We now come to one of the points you made in your letter: testing against other known implementations. If you're lucky enough to not be the first poor sap implementing the spec, then yes, interoperability testing may help you. I say may help because the person or group who implemented the code you're testing against may have been more confused than you are, so making your code work against theirs just means there are two interoperable, but also flawed, implementations of the same standard. Hurray for that. Do not assume that just because a version of the standard you're implementing exists, that it is any good. The world is littered with systems that are interoperable but that are also wrong. I am thinking here of the many cases of network clients that have to work with code from a large company in the Northwest. I don't normally go after a particular vendor in this column, but it has been my experience that one particular vendor has been the source of more crap networking code than any other I have come across, so enough said.

One last recommendation is that you specifically call out which section of a standard or spec is being implemented in the code. For example:

* Update the Older Version Querier Present timers for a link.
* See Section 7.2.1 of RFC 3376.


* RFC 1122, Sections and
* Treat subcodes 2,3 as immediate RST

Both of these examples come from the TCP/IP stack implemented in FreeBSD, but this is a common practice when implementing code directly from a standard or specification, and it helps to improve your life in a few ways. First, writing things down is one way in which people reason about problems. So long as things are only voices in your head, they don't have the same concreteness as they do on paper or in a file. Once something is out of your head and you can examine it more objectively, you can do a better job of reasoning about whether or not what you thought was actually the case.

Second, these act, as do all good comments, as sign posts to people who will maintain the code. There is nothing more frustrating than looking at some obscure piece of a function and wondering, "Now why did they do that?"—particularly if what was done doesn't make immediate sense. The code probably exists for a good reason, but it's important to separate the original programmer's capriciousness from the capriciousness of the standard. If it's a part of the standard, then it might look irrational, but for the sake of interoperability you'll have to leave it alone.

Of course, as you can imagine, I have some advice for standards writers as well. Perhaps the most important thing anyone working on a standard or spec can do is to be consistent in language and representation. At this point most of the constructs that would go into a new standard already exist, so please, stop inventing new ways to represent data structures. I'm sorry if you find it exciting to come up with new ways to represent bytes and bits on paper, but standards are not works of visual art; they need to be works of clarity. I happen to prefer the textual representation found in most RFCs, where you get labeled boxes, at most 32 bits wide. These are not the be-all and end-all of visual representation, but they're a damned good start, so please, start there.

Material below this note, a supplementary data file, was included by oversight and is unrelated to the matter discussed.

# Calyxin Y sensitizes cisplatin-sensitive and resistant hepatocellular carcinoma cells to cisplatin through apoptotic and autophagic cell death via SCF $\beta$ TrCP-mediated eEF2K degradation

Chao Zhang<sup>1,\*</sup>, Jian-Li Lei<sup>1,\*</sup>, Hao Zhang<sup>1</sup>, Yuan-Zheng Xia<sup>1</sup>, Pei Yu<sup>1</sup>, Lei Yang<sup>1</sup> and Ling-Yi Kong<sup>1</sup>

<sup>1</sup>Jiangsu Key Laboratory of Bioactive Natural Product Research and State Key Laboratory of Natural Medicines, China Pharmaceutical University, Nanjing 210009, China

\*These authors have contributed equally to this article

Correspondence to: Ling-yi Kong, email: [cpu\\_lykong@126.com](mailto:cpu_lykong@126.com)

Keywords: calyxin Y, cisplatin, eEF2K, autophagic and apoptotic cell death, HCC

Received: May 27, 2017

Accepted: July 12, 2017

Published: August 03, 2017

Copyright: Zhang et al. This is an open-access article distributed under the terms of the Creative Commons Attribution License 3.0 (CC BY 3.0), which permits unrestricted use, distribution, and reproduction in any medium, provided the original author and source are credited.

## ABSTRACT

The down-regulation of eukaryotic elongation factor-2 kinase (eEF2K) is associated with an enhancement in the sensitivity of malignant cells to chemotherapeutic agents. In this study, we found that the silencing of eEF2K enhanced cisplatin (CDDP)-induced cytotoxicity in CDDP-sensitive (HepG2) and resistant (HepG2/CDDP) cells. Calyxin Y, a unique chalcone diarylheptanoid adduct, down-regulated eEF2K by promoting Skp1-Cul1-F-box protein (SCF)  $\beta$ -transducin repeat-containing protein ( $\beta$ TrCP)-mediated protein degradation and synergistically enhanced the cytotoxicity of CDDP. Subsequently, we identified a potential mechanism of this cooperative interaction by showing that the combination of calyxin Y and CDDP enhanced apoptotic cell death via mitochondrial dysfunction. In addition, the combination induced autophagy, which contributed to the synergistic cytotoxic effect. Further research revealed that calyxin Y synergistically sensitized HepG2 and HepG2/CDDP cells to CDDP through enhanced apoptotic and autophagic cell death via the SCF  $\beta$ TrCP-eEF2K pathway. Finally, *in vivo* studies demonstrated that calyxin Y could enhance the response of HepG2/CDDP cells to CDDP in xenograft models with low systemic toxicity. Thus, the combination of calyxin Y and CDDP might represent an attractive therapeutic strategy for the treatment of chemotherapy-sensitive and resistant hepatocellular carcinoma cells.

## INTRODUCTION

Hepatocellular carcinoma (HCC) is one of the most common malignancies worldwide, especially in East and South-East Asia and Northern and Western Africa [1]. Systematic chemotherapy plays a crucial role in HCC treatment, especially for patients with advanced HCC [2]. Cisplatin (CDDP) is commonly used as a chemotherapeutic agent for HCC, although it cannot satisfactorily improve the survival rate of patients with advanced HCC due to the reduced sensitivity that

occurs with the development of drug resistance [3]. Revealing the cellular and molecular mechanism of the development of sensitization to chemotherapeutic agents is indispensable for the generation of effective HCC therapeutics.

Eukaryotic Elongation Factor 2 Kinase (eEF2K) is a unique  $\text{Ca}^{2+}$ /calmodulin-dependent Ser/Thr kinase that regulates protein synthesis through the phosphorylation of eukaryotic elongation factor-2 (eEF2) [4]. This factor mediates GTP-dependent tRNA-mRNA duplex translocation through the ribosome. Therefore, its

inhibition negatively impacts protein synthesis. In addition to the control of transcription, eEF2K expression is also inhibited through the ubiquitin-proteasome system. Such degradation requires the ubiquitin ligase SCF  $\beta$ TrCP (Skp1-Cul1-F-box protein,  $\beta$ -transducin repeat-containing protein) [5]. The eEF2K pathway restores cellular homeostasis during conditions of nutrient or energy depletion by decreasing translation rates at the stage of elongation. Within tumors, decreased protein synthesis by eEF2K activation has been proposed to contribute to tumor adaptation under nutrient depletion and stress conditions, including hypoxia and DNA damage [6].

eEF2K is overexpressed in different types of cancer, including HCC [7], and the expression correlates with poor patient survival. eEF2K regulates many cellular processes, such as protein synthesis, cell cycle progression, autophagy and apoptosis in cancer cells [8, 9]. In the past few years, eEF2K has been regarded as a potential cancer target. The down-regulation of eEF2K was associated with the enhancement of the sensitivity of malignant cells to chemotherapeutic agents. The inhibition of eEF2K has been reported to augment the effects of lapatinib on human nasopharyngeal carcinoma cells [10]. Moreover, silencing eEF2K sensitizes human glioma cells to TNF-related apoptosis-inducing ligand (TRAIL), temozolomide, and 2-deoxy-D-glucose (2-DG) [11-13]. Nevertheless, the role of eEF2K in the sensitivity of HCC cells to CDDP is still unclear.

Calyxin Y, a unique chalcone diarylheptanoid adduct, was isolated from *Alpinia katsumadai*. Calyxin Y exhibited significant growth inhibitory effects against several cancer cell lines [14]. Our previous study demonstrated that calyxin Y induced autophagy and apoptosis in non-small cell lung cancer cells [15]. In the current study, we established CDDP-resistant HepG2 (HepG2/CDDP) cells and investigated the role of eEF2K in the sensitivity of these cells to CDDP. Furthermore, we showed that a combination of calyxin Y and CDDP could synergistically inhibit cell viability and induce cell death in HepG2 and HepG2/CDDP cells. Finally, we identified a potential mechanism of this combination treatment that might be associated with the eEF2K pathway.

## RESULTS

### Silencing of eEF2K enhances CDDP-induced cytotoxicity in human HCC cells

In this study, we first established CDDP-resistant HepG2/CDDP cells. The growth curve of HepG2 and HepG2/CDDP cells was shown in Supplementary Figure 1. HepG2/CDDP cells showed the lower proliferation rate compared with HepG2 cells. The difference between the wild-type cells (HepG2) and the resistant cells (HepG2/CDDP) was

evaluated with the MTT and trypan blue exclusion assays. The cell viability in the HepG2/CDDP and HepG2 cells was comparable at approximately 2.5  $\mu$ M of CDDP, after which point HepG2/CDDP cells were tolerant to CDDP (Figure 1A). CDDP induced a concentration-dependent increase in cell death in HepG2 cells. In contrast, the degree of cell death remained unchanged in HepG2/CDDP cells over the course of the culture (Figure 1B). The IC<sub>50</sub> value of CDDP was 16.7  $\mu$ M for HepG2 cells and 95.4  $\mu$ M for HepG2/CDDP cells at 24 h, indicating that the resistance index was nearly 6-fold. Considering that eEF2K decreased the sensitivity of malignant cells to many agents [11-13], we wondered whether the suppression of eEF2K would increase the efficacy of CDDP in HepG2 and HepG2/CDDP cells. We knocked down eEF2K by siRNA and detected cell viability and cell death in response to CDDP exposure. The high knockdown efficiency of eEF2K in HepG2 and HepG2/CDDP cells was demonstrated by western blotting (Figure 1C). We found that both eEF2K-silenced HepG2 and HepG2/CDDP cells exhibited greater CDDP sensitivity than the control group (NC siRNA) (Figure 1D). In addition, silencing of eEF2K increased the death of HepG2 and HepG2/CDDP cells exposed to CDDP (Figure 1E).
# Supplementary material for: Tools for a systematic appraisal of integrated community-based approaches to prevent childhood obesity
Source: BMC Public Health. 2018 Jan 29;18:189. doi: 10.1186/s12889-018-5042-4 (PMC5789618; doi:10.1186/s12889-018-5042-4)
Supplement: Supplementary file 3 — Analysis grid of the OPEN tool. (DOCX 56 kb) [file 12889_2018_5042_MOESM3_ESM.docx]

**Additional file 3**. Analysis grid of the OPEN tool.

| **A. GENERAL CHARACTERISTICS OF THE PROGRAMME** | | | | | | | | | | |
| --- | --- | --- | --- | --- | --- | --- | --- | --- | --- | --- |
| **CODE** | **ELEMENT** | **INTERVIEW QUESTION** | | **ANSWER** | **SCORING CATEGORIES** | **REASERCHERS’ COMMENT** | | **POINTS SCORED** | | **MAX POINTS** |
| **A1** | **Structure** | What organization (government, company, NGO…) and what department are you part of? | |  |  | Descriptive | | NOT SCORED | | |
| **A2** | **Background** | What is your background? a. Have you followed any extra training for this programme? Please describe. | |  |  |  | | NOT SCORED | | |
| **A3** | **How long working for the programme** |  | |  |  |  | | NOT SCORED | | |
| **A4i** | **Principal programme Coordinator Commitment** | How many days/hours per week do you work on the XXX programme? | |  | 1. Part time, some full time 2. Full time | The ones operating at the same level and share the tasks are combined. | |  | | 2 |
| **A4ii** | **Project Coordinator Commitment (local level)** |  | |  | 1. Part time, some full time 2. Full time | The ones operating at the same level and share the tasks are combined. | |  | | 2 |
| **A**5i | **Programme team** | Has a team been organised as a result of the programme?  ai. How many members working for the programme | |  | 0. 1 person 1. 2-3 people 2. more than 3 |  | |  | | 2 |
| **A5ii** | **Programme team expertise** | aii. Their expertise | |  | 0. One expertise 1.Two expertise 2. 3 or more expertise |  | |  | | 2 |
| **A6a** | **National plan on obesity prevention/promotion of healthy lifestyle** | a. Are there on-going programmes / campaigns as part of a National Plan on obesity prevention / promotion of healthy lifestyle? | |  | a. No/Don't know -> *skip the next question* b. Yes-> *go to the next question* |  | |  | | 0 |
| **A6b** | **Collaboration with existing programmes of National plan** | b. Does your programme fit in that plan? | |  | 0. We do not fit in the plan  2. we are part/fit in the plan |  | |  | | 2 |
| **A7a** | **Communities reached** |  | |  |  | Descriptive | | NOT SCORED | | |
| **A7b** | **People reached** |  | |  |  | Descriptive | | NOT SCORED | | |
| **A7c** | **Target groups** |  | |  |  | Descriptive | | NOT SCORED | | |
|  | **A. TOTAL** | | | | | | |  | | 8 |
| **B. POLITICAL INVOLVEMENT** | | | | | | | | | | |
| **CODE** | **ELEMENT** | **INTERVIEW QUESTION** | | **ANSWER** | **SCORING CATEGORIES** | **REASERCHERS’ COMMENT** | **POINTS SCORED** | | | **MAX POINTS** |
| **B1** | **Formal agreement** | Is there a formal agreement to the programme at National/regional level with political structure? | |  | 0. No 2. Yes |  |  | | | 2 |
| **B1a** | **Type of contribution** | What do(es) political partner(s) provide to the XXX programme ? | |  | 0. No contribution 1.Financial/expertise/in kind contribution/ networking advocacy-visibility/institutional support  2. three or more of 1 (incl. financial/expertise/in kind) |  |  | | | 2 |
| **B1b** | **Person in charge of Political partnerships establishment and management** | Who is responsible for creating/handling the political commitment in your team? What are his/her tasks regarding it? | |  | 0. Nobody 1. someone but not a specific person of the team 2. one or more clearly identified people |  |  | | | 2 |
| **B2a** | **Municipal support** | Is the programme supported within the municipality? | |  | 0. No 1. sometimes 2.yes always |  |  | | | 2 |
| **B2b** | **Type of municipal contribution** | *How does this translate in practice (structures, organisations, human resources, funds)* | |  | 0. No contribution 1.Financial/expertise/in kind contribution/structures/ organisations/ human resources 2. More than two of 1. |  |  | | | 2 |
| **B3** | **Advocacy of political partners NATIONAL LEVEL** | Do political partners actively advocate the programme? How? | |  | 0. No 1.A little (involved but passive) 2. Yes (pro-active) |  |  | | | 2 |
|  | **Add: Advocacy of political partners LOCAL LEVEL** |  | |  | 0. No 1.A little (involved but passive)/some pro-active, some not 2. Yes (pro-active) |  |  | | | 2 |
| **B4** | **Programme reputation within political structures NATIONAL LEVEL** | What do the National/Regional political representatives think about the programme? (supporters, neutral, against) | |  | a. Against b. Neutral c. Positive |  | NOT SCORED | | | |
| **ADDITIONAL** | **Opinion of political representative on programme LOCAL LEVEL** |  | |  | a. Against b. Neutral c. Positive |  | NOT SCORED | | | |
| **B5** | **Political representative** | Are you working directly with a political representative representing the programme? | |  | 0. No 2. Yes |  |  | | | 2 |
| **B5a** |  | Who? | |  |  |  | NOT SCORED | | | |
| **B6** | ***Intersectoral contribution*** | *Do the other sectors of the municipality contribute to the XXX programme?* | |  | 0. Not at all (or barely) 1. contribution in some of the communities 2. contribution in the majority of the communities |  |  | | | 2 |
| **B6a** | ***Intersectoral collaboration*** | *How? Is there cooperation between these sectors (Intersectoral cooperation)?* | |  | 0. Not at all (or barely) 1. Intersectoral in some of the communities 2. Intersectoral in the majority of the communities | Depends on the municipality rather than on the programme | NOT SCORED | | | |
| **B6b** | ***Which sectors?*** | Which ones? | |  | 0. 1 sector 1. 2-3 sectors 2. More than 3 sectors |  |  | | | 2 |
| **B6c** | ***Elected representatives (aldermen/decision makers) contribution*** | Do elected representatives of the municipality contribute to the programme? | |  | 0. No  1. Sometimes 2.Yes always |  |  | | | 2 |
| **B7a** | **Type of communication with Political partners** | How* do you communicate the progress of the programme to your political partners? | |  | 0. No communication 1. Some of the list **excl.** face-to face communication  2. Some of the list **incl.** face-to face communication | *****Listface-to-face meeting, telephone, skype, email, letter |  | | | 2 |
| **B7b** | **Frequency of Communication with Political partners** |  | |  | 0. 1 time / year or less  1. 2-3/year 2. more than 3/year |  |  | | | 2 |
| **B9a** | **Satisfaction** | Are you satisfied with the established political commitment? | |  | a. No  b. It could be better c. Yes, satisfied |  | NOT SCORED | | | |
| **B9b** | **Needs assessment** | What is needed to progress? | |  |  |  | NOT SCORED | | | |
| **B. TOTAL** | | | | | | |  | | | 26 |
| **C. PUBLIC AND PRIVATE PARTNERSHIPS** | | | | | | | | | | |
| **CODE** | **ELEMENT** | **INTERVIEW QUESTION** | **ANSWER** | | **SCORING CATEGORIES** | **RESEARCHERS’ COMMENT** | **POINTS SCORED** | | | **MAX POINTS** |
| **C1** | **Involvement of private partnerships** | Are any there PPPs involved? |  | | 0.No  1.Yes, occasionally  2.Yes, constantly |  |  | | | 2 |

Now, once you think you have a clearly written document, hand it to someone who is not working on your project and see if it really is clear. The idea that a group of people working closely on a standard are the right people to check the standard for clarity is ludicrous. Even after only cursory exposure to the set of ideas in the standard, an internal reviewer's brain will begin to fill in the blanks, and that's absolutely not what you want. You want someone who will call out the blanks and tell you where they are. Finally, have someone try to implement the spec—again, someone external to the group writing it—and then LISTEN TO WHAT THEY SAY! Far too many times I've asked someone, "Did anyone review this?" and they said, "Yes, of course!" in a shocked tone as if I'd asked if they had showered that day and was impugning their sense of hygiene. And then when I asked, "Did you integrate their feedback?" they began to look quite sheepish.

Implementing a standard isn't too different from any other sort of implementation. The authors of something marked as a standard are not gods, and their utterances should not be taken as commandments. The short answer to your question is take notes, write tests, and keep a bottle of your favorite sedative nearby, because if you don't need it this time, well, you will eventually.


KODE VICIOUS, known to mere mortals as George V. Neville-Neil, works on networking and operating system code for fun and profit. He also teaches courses on various subjects related to programming. His areas of interest are code spelunking, operating systems, and rewriting your bad code (OK, maybe not that last one). He earned his bachelor's degree in computer science at Northeastern University in Boston, Massachusetts, and is a member of ACM, the Usenix Association, and IEEE. He is an avid bicyclist and traveler who currently lives in New York City.

© 2009 ACM 1542-7730/09/1200 $10.00


Originally published in Queue vol. 7, no. 11